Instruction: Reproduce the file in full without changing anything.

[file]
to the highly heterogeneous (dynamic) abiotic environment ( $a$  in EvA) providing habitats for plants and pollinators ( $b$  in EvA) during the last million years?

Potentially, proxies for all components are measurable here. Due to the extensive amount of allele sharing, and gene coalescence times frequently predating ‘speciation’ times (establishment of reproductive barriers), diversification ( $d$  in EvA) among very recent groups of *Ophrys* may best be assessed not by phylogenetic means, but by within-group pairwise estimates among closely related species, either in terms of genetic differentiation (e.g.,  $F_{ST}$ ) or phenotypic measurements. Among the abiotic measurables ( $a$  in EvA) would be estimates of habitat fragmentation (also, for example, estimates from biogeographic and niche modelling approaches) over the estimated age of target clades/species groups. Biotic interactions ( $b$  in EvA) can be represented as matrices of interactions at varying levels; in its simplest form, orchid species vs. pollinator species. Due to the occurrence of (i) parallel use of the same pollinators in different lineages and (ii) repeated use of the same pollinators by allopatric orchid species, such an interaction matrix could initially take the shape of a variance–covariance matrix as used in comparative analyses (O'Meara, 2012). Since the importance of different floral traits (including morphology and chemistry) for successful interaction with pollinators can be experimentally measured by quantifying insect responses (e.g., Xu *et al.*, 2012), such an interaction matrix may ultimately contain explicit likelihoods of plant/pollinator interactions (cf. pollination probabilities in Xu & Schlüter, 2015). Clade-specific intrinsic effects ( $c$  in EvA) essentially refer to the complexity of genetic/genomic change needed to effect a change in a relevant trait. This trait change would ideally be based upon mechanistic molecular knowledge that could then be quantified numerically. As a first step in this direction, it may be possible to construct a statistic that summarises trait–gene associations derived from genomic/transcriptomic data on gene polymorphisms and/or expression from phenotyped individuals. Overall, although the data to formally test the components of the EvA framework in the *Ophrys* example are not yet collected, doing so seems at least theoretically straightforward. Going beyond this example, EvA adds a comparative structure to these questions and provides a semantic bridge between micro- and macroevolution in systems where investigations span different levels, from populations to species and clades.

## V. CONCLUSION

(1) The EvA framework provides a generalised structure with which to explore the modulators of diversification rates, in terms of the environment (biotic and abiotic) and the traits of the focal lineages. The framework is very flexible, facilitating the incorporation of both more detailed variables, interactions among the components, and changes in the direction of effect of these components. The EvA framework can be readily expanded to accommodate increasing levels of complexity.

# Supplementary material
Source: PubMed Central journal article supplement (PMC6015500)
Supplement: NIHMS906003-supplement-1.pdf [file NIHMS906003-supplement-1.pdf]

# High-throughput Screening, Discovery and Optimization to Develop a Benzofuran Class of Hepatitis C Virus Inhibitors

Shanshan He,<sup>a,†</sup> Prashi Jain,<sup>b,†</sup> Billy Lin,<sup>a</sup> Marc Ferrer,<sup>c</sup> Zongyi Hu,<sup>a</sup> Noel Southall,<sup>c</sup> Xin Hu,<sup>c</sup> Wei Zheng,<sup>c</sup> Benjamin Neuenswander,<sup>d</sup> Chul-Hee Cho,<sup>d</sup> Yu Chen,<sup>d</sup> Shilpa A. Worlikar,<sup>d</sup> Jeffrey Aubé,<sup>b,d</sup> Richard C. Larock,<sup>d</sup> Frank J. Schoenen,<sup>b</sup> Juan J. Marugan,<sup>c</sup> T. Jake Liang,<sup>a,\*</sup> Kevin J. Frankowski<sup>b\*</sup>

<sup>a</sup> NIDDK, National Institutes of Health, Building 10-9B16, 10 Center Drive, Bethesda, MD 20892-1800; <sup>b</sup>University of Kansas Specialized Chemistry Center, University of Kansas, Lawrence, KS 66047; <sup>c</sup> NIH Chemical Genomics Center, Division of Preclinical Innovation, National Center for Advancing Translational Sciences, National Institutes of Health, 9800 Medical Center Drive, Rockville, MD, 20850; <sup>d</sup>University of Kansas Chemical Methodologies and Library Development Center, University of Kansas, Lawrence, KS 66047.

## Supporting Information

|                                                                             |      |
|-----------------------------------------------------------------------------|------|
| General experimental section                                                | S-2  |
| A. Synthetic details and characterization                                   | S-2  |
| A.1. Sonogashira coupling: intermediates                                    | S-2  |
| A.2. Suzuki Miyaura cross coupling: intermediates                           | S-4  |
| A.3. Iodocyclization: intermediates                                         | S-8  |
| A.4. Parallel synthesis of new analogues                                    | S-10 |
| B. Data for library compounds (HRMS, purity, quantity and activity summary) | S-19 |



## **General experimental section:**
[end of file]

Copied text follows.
to the highly heterogeneous (dynamic) abiotic environment ( $a$  in EvA) providing habitats for plants and pollinators ( $b$  in EvA) during the last million years?

Potentially, proxies for all components are measurable here. Due to the extensive amount of allele sharing, and gene coalescence times frequently predating ‘speciation’ times (establishment of reproductive barriers), diversification ( $d$  in EvA) among very recent groups of *Ophrys* may best be assessed not by phylogenetic means, but by within-group pairwise estimates among closely related species, either in terms of genetic differentiation (e.g.,  $F_{ST}$ ) or phenotypic measurements. Among the abiotic measurables ( $a$  in EvA) would be estimates of habitat fragmentation (also, for example, estimates from biogeographic and niche modelling approaches) over the estimated age of target clades/species groups. Biotic interactions ( $b$  in EvA) can be represented as matrices of interactions at varying levels; in its simplest form, orchid species vs. pollinator species. Due to the occurrence of (i) parallel use of the same pollinators in different lineages and (ii) repeated use of the same pollinators by allopatric orchid species, such an interaction matrix could initially take the shape of a variance–covariance matrix as used in comparative analyses (O'Meara, 2012). Since the importance of different floral traits (including morphology and chemistry) for successful interaction with pollinators can be experimentally measured by quantifying insect responses (e.g., Xu *et al.*, 2012), such an interaction matrix may ultimately contain explicit likelihoods of plant/pollinator interactions (cf. pollination probabilities in Xu & Schlüter, 2015). Clade-specific intrinsic effects ( $c$  in EvA) essentially refer to the complexity of genetic/genomic change needed to effect a change in a relevant trait. This trait change would ideally be based upon mechanistic molecular knowledge that could then be quantified numerically. As a first step in this direction, it may be possible to construct a statistic that summarises trait–gene associations derived from genomic/transcriptomic data on gene polymorphisms and/or expression from phenotyped individuals. Overall, although the data to formally test the components of the EvA framework in the *Ophrys* example are not yet collected, doing so seems at least theoretically straightforward. Going beyond this example, EvA adds a comparative structure to these questions and provides a semantic bridge between micro- and macroevolution in systems where investigations span different levels, from populations to species and clades.

## V. CONCLUSION

(1) The EvA framework provides a generalised structure with which to explore the modulators of diversification rates, in terms of the environment (biotic and abiotic) and the traits of the focal lineages. The framework is very flexible, facilitating the incorporation of both more detailed variables, interactions among the components, and changes in the direction of effect of these components. The EvA framework can be readily expanded to accommodate increasing levels of complexity.

# Supplementary material
Source: PubMed Central journal article supplement (PMC6015500)
Supplement: NIHMS906003-supplement-1.pdf [file NIHMS906003-supplement-1.pdf]

# High-throughput Screening, Discovery and Optimization to Develop a Benzofuran Class of Hepatitis C Virus Inhibitors

Shanshan He,<sup>a,†</sup> Prashi Jain,<sup>b,†</sup> Billy Lin,<sup>a</sup> Marc Ferrer,<sup>c</sup> Zongyi Hu,<sup>a</sup> Noel Southall,<sup>c</sup> Xin Hu,<sup>c</sup> Wei Zheng,<sup>c</sup> Benjamin Neuenswander,<sup>d</sup> Chul-Hee Cho,<sup>d</sup> Yu Chen,<sup>d</sup> Shilpa A. Worlikar,<sup>d</sup> Jeffrey Aubé,<sup>b,d</sup> Richard C. Larock,<sup>d</sup> Frank J. Schoenen,<sup>b</sup> Juan J. Marugan,<sup>c</sup> T. Jake Liang,<sup>a,\*</sup> Kevin J. Frankowski<sup>b\*</sup>

<sup>a</sup> NIDDK, National Institutes of Health, Building 10-9B16, 10 Center Drive, Bethesda, MD 20892-1800; <sup>b</sup>University of Kansas Specialized Chemistry Center, University of Kansas, Lawrence, KS 66047; <sup>c</sup> NIH Chemical Genomics Center, Division of Preclinical Innovation, National Center for Advancing Translational Sciences, National Institutes of Health, 9800 Medical Center Drive, Rockville, MD, 20850; <sup>d</sup>University of Kansas Chemical Methodologies and Library Development Center, University of Kansas, Lawrence, KS 66047.

## Supporting Information

|                                                                             |      |
|-----------------------------------------------------------------------------|------|
| General experimental section                                                | S-2  |
| A. Synthetic details and characterization                                   | S-2  |
| A.1. Sonogashira coupling: intermediates                                    | S-2  |
| A.2. Suzuki Miyaura cross coupling: intermediates                           | S-4  |
| A.3. Iodocyclization: intermediates                                         | S-8  |
| A.4. Parallel synthesis of new analogues                                    | S-10 |
| B. Data for library compounds (HRMS, purity, quantity and activity summary) | S-19 |



## **General experimental section:**